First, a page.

People in Britain have been encouraged to return to their workplaces as part of a major government campaign to kickstart the economy.
As of 1 September, a series of advertisements will appear in regional and national media outlets highlighting messages about making offices Covid-secure and encouraging safe means of travelling to and from work.
However, the campaign has come under scrutiny, with many criticising Boris Johnson of “abdicating responsibility” for making workplaces safe before urging people back to offices.
Meanwhile, Labour MPs have urged ministers to drop the campaign over fears that it is too soon for people to return to the workplace.
Additionally, the Independent Sage group of scientific advisors has called for a national system of inspections to make sure even the worst employers are complying with social distancing to keep workers safe.
The government’s campaign could cause further conflicts between employers and employees who don’t feel safe returning to work, and employment lawyers have expressed doubt over whether or not social distancing can be achieved in the workplace.
Here’s everything we know so far about whether or not people can leave work if they feel unsafe.
Can I leave work if I feel unsafe?
It is only natural to have concerns over your health and safety upon your return to work.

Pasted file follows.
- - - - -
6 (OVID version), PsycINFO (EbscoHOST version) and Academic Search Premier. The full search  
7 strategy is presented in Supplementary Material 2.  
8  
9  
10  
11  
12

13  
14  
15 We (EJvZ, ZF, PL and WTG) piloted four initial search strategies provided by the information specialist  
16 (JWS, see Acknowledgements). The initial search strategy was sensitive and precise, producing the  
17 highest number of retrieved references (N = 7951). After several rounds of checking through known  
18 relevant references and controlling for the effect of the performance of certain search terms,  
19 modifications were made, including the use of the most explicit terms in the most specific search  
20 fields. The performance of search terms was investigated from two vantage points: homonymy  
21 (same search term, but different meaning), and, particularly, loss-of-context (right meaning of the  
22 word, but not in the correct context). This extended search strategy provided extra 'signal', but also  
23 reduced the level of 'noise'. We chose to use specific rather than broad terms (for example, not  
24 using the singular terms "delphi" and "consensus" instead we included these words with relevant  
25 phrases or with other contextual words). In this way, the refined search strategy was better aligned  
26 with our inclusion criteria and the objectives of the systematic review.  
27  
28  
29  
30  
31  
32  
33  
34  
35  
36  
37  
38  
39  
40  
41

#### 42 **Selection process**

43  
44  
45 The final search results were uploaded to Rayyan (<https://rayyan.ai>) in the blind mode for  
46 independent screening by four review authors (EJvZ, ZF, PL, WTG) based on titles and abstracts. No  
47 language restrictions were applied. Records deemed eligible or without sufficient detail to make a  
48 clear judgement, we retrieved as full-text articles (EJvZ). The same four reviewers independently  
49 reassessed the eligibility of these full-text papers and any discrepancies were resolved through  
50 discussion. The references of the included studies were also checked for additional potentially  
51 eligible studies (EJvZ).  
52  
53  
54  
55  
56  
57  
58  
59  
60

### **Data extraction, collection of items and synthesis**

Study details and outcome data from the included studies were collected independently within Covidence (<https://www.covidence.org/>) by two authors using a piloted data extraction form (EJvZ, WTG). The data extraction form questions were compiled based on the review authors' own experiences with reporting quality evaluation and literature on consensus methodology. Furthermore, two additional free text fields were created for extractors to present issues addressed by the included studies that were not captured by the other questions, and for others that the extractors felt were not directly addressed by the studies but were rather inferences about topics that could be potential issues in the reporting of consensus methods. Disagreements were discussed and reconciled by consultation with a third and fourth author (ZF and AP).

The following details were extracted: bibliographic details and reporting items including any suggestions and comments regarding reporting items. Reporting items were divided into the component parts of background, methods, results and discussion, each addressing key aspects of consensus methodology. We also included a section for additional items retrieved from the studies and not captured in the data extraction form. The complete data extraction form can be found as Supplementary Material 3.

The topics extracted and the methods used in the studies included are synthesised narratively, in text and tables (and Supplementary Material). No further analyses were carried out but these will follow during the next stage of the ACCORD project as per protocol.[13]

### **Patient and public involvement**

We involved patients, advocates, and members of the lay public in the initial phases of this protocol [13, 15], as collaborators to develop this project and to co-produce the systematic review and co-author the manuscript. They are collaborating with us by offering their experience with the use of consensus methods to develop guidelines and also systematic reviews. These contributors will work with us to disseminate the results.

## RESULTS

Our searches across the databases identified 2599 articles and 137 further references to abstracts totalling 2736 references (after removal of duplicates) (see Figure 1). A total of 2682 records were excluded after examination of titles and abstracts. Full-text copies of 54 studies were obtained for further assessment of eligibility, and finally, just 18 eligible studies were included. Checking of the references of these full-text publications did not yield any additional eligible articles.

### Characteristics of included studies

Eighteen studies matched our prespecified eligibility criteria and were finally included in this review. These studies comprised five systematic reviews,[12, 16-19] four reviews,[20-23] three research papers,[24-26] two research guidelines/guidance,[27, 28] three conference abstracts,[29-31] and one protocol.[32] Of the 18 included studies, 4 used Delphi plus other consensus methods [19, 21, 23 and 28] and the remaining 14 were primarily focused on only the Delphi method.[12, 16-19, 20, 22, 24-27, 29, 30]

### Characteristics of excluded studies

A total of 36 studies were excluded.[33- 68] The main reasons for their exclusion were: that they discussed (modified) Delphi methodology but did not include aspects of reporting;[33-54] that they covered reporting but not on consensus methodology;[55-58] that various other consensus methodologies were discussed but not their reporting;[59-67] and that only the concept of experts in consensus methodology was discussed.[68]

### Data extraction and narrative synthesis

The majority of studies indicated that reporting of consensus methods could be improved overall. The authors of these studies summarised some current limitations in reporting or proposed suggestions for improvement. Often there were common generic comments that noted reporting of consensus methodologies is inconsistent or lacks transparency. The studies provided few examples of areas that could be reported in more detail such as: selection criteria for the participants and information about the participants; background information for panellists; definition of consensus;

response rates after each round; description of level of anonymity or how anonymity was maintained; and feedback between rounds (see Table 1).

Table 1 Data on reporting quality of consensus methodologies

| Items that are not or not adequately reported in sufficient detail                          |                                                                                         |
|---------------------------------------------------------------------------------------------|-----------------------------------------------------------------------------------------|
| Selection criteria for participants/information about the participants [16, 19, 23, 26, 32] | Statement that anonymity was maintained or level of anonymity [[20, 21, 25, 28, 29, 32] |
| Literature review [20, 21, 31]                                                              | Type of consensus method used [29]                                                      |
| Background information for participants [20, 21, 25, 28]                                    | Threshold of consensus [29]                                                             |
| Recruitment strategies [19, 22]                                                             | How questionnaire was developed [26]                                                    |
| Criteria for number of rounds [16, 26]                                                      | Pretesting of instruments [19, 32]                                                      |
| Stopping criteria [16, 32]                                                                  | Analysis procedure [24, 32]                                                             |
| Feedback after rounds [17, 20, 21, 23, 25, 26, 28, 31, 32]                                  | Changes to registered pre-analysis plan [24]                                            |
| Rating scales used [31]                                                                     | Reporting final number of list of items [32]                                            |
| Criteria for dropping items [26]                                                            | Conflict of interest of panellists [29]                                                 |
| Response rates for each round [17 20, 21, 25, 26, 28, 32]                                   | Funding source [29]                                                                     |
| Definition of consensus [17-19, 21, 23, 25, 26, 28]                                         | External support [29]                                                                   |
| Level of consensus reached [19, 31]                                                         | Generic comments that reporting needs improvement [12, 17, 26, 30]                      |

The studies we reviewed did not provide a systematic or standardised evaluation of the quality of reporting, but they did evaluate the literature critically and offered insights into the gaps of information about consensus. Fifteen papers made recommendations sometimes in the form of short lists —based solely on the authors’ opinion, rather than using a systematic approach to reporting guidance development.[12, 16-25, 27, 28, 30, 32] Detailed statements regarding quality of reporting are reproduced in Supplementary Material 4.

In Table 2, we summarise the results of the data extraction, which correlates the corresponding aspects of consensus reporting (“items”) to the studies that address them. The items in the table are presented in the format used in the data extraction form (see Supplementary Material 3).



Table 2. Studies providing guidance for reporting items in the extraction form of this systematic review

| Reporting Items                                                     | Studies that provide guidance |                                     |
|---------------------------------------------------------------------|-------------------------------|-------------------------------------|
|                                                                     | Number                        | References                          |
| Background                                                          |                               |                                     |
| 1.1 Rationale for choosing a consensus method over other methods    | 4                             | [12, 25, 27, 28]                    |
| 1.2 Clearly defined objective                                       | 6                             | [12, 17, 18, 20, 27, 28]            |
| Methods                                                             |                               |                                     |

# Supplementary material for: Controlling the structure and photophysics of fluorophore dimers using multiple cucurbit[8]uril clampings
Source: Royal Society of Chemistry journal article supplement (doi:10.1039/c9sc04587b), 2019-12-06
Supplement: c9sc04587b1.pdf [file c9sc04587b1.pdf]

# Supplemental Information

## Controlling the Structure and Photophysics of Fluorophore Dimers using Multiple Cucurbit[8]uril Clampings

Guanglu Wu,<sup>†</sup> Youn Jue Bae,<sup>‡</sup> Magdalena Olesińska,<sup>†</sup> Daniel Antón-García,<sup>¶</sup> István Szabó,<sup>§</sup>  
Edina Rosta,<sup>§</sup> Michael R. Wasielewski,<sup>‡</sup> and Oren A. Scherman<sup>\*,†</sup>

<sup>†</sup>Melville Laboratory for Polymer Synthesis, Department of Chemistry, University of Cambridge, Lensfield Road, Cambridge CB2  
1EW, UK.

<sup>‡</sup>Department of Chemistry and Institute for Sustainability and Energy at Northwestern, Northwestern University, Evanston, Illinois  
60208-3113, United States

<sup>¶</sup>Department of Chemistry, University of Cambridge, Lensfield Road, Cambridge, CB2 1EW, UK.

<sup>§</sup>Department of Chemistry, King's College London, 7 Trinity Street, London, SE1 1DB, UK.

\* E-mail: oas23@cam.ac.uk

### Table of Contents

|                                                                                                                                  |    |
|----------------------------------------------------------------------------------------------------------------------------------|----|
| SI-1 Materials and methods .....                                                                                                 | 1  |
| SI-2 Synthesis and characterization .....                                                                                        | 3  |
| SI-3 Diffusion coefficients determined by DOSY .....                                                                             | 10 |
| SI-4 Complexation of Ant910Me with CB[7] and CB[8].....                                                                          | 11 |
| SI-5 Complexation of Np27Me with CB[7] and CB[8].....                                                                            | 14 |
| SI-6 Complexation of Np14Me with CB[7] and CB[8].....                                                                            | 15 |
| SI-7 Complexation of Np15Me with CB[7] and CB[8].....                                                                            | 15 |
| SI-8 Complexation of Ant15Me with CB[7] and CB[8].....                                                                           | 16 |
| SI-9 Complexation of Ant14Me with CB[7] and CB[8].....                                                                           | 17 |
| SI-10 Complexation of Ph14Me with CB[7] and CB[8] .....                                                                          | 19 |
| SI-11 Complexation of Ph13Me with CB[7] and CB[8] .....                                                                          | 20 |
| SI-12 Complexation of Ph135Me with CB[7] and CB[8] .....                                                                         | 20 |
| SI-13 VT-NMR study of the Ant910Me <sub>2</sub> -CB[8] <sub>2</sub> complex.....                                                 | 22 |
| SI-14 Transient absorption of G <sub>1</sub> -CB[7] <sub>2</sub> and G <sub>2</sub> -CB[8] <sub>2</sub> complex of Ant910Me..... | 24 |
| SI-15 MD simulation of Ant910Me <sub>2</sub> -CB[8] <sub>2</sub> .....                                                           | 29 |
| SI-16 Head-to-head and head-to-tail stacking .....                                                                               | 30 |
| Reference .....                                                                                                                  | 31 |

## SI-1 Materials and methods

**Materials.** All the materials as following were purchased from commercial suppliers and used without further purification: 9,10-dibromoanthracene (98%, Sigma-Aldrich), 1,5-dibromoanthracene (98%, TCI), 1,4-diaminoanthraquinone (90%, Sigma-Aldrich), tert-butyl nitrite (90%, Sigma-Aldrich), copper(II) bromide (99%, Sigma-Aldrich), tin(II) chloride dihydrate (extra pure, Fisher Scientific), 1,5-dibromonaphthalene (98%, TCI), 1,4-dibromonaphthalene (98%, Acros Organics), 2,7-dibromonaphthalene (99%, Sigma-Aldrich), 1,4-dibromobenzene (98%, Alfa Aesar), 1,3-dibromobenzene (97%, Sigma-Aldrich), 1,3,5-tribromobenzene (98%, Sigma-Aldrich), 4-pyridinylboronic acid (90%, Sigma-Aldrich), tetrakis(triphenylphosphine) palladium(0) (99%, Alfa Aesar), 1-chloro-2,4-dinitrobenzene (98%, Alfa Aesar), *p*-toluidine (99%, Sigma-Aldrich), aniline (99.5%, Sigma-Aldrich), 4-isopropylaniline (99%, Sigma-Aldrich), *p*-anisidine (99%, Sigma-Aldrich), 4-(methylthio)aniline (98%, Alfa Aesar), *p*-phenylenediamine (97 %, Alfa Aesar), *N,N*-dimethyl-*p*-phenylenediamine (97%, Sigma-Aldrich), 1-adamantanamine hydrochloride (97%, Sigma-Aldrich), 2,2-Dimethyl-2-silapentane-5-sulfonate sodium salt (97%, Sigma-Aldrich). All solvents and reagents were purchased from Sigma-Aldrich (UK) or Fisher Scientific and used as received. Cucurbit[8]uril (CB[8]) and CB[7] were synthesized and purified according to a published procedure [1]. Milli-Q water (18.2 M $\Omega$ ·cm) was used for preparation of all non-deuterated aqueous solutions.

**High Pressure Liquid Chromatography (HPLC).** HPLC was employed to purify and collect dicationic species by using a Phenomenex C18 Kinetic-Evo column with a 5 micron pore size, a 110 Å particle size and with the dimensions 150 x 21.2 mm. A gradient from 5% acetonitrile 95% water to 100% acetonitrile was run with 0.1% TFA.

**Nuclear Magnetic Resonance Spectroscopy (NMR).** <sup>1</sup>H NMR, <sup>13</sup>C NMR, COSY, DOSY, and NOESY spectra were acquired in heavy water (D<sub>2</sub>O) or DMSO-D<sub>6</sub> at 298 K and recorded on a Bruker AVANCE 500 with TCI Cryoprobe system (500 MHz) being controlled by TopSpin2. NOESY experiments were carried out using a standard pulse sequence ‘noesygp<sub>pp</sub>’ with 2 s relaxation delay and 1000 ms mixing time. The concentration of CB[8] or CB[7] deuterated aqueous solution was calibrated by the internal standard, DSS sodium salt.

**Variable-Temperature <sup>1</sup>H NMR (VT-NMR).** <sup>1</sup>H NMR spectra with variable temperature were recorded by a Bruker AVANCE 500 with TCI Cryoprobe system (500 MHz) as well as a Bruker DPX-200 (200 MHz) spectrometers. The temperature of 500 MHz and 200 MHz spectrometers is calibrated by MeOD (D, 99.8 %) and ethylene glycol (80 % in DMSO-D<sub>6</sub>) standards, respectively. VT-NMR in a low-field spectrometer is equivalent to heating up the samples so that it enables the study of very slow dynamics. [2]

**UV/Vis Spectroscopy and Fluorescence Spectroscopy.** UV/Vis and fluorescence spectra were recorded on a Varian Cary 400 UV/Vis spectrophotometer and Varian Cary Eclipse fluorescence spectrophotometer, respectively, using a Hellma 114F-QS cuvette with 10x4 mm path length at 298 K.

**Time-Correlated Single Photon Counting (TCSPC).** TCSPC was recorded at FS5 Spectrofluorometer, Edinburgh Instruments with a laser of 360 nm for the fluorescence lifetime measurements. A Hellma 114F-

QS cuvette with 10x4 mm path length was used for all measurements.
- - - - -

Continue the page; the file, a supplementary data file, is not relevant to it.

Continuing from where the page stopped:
Citizen’s Advice says your employer has a duty of care towards you: “Every contract of employment has general ‘implied’ terms for employees and employers including...for example, your employer should provide a safe working environment for you and you should use equipment safely.”
It says even if you don’t think you have a contract in writing, a contract still exists in legal terms.
“There is always a contract between an employee and employer. You might not have anything in writing, but a contract still exists. This is because your agreement to work for your employer and your employer’s agreement to pay you for your work forms a contract.”
According to section 44 of the Employment Rights Act 1996, employees may not be subjected to a detriment because they have raised a relevant health and safety concern with their employer, such as the failure to provide effective social distancing measures in the workplace or the unavailability of PPE.
Dan Hobbs, an employment barrister at 5 Essex Court, said: “Employees may be rightly concerned for their own health and safety as well as that of their co-workers and others in their household.
“Accordingly, if an employee walks out of the workplace or refuses to return to the workplace in circumstances of danger which the employee reasonably believes to be serious and imminent, the employee cannot be subjected to a detriment by his employer as a result.”
How does someone leave work if they feel unsafe?
According to Mr Hobbs, if you feel unsafe because the conditions at work pose a serious and imminent danger, then you have the right to walk out and not be subjected to a detriment.